Page 7
found themselves in the old home place in [unknown], South Carolina. They could not maintain that establishment. And they came to Georgia—they had some farmland in Georgia—but bringing with them only what they could bring on some wagons. And silver and furniture were farmed out to people and friends in that area. When my father was seventeen, his father died. My father was the oldest in his family. He put three brothers through college. He himself did not go to college and had no further educational training after his father's death, other than a little something at night school. He moved up to Athens in the Depression. [unknown] He became very wealthy in that area. In the Depression he lost everything he had. He felt that it was not honorable to take bankruptcy. He cashed in everything he had. At one time he owned Coca Cola bottling rights at DeCaux, Georgia, and Lakeland, Florida, and [unknown], Florida. And with some others he was negotiating a franchise for Iowa. So you see he was moving in pretty big circles.
JACQUELYN HALL:
How did he make his money? In textiles?
JOSEPHINE WILKINS:
No, he was a banker, and investments. He had his hands in all kinds of things. When he cashed in everything, why, he still owed seventy-five thousand dollars. The only thing that he retained was a policy at the University of Georgia. And he belonged to the Episcopal Church. The first money I ever made was paying the premium on that policy at the University of Georgia.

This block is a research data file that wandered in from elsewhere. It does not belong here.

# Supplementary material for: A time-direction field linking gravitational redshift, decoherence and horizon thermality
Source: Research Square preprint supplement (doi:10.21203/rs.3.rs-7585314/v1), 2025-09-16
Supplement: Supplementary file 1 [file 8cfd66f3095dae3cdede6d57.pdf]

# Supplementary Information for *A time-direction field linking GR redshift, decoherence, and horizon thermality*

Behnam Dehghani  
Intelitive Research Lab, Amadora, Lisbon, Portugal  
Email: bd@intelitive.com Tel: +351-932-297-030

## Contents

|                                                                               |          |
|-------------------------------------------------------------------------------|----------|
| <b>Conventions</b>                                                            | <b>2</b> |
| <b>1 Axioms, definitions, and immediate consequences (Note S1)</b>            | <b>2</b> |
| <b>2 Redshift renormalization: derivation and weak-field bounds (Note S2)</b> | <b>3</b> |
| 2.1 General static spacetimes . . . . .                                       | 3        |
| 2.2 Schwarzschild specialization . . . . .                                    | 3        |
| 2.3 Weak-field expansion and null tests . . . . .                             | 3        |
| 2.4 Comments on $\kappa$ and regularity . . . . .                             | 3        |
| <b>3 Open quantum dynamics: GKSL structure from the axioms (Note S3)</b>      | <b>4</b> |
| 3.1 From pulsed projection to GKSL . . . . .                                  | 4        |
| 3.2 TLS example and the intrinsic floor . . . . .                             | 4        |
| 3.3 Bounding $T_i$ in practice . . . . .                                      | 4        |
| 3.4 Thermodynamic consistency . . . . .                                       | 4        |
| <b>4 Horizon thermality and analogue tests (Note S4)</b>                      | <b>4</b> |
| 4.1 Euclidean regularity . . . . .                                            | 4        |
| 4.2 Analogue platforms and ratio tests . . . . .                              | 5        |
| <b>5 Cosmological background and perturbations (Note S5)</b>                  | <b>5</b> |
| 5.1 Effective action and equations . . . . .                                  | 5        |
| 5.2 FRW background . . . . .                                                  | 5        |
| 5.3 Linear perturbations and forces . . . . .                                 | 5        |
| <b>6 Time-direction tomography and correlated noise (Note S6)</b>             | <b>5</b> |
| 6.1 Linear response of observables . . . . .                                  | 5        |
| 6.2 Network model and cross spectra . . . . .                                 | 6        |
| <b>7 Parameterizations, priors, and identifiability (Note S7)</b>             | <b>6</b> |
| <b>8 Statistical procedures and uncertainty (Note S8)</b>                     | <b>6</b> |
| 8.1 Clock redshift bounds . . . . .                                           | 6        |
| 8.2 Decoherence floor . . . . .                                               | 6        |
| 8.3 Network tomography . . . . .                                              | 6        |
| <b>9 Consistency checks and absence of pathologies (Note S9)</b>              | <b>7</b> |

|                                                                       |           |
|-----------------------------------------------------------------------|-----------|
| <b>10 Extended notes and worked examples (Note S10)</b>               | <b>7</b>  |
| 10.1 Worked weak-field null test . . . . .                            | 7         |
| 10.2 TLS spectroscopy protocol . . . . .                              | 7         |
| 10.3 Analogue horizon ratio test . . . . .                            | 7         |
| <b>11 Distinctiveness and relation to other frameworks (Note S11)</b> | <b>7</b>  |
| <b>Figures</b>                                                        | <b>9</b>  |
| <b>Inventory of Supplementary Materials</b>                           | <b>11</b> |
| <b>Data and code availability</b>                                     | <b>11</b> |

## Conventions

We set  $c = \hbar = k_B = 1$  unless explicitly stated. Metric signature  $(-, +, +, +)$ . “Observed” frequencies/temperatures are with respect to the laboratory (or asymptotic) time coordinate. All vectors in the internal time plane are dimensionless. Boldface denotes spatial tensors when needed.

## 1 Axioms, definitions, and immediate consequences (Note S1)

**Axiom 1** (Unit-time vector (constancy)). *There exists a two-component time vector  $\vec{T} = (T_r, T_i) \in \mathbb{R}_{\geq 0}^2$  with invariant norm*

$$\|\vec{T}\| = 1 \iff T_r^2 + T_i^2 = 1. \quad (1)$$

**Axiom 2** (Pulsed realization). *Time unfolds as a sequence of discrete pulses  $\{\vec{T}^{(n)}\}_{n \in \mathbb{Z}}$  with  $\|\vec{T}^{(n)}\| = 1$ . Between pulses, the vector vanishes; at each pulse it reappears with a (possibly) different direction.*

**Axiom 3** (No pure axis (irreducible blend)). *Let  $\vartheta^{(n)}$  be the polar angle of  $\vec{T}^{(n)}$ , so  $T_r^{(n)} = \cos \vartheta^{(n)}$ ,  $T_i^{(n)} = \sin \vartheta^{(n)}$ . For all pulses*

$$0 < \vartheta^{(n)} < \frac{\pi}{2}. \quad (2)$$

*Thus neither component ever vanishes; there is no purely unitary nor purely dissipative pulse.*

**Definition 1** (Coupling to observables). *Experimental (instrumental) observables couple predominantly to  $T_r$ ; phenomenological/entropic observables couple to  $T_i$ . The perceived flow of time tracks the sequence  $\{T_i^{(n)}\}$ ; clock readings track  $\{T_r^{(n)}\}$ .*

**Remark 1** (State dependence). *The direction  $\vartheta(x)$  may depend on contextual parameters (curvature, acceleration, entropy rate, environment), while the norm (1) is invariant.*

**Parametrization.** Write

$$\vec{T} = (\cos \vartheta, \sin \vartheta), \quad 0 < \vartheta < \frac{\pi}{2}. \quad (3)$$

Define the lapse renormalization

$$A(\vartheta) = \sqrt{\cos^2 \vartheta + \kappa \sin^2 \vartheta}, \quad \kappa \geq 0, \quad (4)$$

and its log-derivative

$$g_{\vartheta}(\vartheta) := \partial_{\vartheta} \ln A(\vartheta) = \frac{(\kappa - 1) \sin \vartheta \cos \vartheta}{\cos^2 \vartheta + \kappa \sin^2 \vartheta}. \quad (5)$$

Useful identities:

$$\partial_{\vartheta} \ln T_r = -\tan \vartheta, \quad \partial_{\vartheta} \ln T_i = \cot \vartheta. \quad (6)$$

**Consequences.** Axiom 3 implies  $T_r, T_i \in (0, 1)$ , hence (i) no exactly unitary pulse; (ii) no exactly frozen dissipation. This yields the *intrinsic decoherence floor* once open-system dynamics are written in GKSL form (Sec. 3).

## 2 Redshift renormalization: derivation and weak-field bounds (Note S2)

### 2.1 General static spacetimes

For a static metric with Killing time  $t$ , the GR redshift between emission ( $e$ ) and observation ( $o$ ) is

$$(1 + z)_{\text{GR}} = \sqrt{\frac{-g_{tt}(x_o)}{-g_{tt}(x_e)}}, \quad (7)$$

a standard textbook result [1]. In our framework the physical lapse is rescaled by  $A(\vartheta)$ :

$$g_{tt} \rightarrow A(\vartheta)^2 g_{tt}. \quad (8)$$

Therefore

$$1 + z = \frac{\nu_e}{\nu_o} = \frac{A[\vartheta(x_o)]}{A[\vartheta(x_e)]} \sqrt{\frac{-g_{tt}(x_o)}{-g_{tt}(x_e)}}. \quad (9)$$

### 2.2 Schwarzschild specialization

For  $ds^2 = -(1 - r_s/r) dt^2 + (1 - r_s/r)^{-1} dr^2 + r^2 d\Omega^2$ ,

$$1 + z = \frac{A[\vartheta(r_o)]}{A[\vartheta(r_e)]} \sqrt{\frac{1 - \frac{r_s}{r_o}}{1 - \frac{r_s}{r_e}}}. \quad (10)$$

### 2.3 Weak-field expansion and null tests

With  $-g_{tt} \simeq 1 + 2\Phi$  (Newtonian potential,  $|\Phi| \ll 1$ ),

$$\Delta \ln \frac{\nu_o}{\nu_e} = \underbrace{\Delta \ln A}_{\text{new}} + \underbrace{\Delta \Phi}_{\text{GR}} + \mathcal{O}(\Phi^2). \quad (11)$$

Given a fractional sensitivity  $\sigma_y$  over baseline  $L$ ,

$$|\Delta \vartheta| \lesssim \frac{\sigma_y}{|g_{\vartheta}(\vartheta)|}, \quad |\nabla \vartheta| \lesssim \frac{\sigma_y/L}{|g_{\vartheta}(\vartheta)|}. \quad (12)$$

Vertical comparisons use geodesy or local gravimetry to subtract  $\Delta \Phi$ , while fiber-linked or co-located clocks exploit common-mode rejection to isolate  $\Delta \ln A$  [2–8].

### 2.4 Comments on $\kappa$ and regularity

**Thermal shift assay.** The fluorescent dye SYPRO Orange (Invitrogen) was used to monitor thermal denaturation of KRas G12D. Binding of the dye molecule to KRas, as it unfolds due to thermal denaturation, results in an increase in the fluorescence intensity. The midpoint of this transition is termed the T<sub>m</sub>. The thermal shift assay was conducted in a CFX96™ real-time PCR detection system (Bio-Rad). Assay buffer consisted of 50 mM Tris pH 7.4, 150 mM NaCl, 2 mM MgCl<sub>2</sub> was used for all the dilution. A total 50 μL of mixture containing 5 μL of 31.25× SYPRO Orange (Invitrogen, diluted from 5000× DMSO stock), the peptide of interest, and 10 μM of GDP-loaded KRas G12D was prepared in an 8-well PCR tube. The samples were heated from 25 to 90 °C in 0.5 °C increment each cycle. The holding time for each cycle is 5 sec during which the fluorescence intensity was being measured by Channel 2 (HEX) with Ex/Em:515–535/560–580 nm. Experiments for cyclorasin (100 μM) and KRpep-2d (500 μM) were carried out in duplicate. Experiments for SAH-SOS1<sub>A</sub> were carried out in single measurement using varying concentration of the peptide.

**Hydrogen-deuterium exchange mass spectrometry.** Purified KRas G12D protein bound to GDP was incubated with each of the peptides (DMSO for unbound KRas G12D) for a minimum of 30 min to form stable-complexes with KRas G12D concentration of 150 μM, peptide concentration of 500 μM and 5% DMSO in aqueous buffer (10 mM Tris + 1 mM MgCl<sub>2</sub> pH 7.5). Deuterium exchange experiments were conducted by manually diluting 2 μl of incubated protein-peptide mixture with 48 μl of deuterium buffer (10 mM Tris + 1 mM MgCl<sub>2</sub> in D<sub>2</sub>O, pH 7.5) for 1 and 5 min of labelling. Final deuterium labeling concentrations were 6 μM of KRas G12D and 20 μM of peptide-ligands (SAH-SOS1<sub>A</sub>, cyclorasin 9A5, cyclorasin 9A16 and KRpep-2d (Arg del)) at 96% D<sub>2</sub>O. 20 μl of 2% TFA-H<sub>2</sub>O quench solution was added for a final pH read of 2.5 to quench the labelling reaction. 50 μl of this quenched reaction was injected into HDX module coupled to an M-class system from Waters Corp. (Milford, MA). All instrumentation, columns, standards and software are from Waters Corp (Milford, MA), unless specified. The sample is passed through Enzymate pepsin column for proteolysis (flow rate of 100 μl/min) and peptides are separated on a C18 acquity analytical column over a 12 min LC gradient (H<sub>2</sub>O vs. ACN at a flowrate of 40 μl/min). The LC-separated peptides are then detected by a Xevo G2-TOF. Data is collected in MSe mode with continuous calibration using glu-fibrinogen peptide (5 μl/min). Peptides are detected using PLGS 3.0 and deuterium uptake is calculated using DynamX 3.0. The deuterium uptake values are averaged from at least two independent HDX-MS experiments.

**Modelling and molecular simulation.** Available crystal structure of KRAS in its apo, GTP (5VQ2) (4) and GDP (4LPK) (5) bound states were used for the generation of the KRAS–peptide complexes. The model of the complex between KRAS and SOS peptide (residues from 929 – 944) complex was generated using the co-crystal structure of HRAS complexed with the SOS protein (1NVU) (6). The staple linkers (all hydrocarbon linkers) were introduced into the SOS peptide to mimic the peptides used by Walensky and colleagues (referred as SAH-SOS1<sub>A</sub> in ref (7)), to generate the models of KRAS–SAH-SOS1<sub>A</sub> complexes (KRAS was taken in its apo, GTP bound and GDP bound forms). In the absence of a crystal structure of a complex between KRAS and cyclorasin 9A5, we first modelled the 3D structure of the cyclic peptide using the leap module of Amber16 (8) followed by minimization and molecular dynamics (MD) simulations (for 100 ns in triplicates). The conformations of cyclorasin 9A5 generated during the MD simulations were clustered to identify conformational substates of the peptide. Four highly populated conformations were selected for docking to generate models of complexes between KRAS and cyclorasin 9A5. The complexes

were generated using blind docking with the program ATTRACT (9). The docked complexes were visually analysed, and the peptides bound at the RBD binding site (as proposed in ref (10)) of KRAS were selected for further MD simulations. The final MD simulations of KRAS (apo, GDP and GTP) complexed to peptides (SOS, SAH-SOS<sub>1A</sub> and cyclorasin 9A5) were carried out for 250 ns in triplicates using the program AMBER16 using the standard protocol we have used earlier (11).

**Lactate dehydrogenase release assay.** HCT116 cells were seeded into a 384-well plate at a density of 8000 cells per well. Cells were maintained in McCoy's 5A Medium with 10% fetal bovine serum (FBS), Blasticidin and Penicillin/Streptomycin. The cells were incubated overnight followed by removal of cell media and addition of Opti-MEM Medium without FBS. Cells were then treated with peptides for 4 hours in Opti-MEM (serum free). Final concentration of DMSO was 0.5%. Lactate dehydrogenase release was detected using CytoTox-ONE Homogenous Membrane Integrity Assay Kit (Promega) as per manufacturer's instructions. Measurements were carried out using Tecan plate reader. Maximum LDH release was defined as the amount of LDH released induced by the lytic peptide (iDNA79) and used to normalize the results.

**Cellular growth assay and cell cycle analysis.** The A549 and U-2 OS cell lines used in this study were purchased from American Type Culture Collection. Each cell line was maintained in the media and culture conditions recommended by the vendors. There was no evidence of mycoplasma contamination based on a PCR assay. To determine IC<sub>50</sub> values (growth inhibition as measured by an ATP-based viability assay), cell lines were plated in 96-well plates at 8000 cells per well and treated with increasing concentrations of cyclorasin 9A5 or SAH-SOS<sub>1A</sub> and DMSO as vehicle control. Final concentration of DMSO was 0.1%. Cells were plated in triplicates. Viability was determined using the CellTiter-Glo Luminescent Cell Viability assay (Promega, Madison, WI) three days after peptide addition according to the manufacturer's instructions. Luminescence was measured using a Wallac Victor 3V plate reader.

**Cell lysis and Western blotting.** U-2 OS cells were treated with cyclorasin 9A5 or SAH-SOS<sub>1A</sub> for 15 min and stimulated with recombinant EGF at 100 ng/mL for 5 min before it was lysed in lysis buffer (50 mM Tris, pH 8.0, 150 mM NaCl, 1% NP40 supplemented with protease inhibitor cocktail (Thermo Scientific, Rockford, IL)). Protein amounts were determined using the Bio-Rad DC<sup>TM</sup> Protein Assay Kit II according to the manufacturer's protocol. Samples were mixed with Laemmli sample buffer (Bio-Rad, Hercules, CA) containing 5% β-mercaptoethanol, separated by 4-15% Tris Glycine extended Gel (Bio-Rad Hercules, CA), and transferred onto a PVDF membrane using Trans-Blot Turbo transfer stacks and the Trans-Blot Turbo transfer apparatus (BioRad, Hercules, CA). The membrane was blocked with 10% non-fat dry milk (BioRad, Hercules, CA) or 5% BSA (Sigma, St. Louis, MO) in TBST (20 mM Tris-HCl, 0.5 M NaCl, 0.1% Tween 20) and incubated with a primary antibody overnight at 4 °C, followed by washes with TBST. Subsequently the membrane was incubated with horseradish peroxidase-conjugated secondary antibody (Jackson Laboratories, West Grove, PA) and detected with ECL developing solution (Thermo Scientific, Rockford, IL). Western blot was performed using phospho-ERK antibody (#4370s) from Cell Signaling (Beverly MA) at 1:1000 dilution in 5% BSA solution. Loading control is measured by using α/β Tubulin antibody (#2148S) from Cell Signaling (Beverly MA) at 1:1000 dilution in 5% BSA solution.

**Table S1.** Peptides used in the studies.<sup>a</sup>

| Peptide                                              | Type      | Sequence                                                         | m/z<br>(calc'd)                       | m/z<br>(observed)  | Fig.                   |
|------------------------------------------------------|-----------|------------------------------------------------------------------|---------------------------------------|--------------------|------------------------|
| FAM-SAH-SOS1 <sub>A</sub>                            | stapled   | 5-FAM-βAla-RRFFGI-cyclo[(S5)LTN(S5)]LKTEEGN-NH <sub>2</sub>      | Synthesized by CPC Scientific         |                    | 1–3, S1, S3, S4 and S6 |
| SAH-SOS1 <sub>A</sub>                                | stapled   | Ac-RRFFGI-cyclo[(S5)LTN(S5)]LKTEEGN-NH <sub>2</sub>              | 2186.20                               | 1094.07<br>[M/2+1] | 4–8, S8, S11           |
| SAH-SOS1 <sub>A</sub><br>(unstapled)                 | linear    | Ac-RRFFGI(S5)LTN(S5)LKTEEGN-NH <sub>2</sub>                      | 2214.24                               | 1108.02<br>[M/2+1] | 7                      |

JACQUELYN HALL:
So he lost everything?
JOSEPHINE WILKINS:
He lost everything. The only thing that was left was . . . He didn't talk business, except very seldom. But I remember his coming

Page 8
home one day very much disturbed that, well, my mother had a little inheritance from her parents, and they always kept it separate. And he had lent $25,000 of mother's money to a little plant at Warrenton. And the concern had defaulted. He was quite troubled, of course. The plant was ultimately sold on the courthouse steps for bankruptcy. In order to save $25,000 he put some more money in of mother's to buy and when the crash came, as far as his affairs were concerned, the only thing left was this little old plant over at Warrenton which was not even running. And it was started up.